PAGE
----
During my recent exploration of Downtown LA, I found my way to Pershing Square. While this has not been its name for the entirety of it’s existence, it has been an essential center of Los Angeles for many, many years.
Around the 1850s, the location was used as a camp by settlers from outside the Pueblo de Los Angeles. These later became the areas around Our Lady Queen of the Angels’ church, the Los Angeles Plaza, and present-day Olvera Street. It wasn’t until 1866 that Mayor Cristobal Aguilar officially determined it as a public square.
The park itself has cycled through many names, including St. Vincent’s Park, Central Park, and finally landing on Pershing Square in November of 1918 in honor of General John J. Pershing.
Like much of the city, the park began to lose it’s popularity around WW2, as suburbanization took its hold of Downtown LA. Today, it has become a bustling tourist hot-spot that hosts special events, concerts and an ice rink in the winter.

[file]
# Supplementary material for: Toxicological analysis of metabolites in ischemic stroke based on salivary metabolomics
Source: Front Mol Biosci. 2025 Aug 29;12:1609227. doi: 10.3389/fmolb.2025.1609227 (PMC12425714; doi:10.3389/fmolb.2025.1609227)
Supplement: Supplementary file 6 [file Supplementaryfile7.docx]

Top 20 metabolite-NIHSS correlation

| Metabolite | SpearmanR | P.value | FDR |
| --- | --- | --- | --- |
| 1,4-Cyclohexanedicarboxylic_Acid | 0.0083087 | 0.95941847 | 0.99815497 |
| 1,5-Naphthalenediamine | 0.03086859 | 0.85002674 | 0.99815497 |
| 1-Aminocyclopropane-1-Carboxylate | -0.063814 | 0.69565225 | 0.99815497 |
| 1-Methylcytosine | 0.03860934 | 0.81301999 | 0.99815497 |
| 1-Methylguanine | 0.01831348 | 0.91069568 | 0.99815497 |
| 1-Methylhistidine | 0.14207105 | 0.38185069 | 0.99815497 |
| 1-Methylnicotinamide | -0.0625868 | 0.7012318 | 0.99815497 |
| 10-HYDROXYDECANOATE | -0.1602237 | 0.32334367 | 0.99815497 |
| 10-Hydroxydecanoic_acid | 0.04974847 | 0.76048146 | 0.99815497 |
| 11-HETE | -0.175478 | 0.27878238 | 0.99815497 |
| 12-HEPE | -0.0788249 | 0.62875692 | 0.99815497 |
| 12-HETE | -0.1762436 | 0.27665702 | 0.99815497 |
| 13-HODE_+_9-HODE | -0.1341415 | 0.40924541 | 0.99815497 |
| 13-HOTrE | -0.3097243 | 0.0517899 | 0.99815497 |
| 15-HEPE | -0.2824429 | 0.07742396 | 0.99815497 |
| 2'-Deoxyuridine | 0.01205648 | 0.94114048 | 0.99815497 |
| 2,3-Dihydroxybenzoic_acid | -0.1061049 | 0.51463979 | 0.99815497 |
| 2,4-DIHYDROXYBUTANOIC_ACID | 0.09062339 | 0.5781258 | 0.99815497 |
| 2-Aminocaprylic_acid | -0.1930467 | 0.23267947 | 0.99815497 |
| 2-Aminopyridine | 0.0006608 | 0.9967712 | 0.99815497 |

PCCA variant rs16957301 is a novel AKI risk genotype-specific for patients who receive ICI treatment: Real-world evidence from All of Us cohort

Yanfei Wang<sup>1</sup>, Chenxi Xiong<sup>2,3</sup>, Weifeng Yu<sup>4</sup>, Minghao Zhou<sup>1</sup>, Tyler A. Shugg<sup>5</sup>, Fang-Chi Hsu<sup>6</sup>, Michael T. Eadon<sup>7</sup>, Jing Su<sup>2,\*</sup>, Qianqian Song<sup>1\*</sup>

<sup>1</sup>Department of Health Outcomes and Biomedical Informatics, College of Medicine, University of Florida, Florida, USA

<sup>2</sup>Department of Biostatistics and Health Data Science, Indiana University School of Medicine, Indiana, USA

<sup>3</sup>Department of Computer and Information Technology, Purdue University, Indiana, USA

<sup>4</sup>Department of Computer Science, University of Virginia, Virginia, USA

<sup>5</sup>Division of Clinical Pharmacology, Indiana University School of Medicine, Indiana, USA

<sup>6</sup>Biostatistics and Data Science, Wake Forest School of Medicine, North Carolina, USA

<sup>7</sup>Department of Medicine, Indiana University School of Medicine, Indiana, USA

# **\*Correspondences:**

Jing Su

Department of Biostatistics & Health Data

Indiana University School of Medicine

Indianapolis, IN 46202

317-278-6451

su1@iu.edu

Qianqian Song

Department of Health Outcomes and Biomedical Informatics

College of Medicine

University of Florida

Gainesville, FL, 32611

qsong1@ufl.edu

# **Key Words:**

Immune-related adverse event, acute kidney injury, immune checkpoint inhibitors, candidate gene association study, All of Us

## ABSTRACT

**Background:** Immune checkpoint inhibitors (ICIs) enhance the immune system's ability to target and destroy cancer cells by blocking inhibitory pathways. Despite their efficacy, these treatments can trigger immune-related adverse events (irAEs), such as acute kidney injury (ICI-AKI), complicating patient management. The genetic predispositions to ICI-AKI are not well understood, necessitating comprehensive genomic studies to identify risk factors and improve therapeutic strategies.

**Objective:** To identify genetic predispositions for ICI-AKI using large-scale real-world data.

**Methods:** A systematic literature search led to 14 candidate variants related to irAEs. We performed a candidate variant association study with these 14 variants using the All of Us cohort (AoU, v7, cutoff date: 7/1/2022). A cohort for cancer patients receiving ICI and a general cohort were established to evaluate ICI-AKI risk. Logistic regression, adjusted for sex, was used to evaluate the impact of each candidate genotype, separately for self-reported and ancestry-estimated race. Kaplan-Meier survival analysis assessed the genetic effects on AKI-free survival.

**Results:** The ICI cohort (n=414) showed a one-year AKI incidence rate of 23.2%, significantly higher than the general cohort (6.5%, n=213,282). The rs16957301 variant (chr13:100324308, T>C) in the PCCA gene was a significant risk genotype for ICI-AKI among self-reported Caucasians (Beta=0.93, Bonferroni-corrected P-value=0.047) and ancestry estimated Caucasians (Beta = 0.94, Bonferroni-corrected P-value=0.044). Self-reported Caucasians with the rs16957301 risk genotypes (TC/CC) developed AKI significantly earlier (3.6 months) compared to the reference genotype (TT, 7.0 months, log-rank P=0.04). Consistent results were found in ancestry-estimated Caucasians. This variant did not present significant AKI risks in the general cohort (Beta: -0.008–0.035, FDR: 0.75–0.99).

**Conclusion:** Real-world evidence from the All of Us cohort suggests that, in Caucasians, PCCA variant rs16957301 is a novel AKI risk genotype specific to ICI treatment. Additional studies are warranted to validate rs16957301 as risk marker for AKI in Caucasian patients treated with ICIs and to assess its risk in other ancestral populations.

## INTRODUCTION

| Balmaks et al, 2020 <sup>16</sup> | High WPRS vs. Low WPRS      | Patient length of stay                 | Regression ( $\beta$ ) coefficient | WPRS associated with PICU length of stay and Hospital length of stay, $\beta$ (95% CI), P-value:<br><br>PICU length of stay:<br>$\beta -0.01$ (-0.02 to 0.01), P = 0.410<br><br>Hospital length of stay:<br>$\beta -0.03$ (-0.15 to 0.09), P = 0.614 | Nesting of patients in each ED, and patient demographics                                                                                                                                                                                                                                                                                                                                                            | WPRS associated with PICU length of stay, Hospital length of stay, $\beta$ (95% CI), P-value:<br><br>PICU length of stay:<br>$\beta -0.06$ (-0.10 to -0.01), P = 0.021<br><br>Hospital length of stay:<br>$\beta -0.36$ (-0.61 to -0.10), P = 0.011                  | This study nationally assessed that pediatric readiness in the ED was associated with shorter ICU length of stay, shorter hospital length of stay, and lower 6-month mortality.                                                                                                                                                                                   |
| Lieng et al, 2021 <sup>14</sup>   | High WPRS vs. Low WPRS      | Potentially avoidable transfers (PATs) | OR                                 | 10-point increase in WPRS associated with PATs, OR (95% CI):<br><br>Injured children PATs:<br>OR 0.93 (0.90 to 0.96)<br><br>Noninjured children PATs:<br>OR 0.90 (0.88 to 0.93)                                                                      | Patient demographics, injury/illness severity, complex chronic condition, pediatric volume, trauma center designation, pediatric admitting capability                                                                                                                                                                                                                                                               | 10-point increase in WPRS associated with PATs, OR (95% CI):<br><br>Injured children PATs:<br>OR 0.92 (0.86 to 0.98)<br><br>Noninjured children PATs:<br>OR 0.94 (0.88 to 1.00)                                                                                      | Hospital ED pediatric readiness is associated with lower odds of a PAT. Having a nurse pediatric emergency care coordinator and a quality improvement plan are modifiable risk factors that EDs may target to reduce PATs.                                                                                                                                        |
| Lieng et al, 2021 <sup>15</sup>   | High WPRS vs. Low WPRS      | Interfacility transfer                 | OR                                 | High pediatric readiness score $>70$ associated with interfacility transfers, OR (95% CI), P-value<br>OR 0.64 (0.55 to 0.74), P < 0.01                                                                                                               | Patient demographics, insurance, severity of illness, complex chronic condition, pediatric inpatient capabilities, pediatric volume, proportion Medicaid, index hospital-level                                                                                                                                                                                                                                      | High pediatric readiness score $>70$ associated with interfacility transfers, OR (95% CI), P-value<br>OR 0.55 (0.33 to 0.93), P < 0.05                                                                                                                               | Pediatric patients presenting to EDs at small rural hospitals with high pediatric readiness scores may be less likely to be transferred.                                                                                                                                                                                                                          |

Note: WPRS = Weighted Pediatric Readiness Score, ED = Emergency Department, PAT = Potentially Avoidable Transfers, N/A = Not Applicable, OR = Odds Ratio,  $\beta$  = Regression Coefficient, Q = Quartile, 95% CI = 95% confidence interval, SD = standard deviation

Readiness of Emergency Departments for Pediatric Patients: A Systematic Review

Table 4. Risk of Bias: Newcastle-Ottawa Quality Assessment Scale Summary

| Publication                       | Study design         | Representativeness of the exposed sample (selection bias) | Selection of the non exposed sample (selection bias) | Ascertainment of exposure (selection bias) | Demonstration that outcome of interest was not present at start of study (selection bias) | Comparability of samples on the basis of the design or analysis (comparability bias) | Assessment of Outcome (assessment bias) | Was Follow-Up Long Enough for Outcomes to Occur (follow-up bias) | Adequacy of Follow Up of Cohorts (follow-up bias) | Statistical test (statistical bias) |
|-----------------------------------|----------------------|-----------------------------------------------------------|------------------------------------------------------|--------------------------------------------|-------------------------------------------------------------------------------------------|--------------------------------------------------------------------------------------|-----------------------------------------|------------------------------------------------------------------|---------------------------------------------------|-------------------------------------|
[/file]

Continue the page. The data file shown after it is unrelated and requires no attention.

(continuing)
I believe that parks like this are essential to big cities like Los Angeles. Somewhat similar to Central Park in New York City, it provides a much needed visual break from the concrete jungle of a city. What lies inside the park itself tends to lead to a different idea. The park is home to many statues and monuments, including that modeled of Charlie Hammond, used to memorialize twenty Californian soldiers who were killed in the Spanish- American war. This seems strange to me, because just over a mile away from this square lies Olvera St. Now, while these two cultures and events may not be directly connected, it brings to mind the extreme selectivity that comes into play when choosing which cultures should be appreciated and which should be “forgotten”. This just provides a reminder that governments, cities, cultures, and even individuals will paint the prettiest picture of history that they can find, even if it isn’t the most truthful one.
(the following fun fact and the history of the park was brought to you by Wiki)
fun fact: Many of the palm trees that were planted in the park were excavated in the 1950s and sent to be used in the Disneyland ride The Jungle Cruise.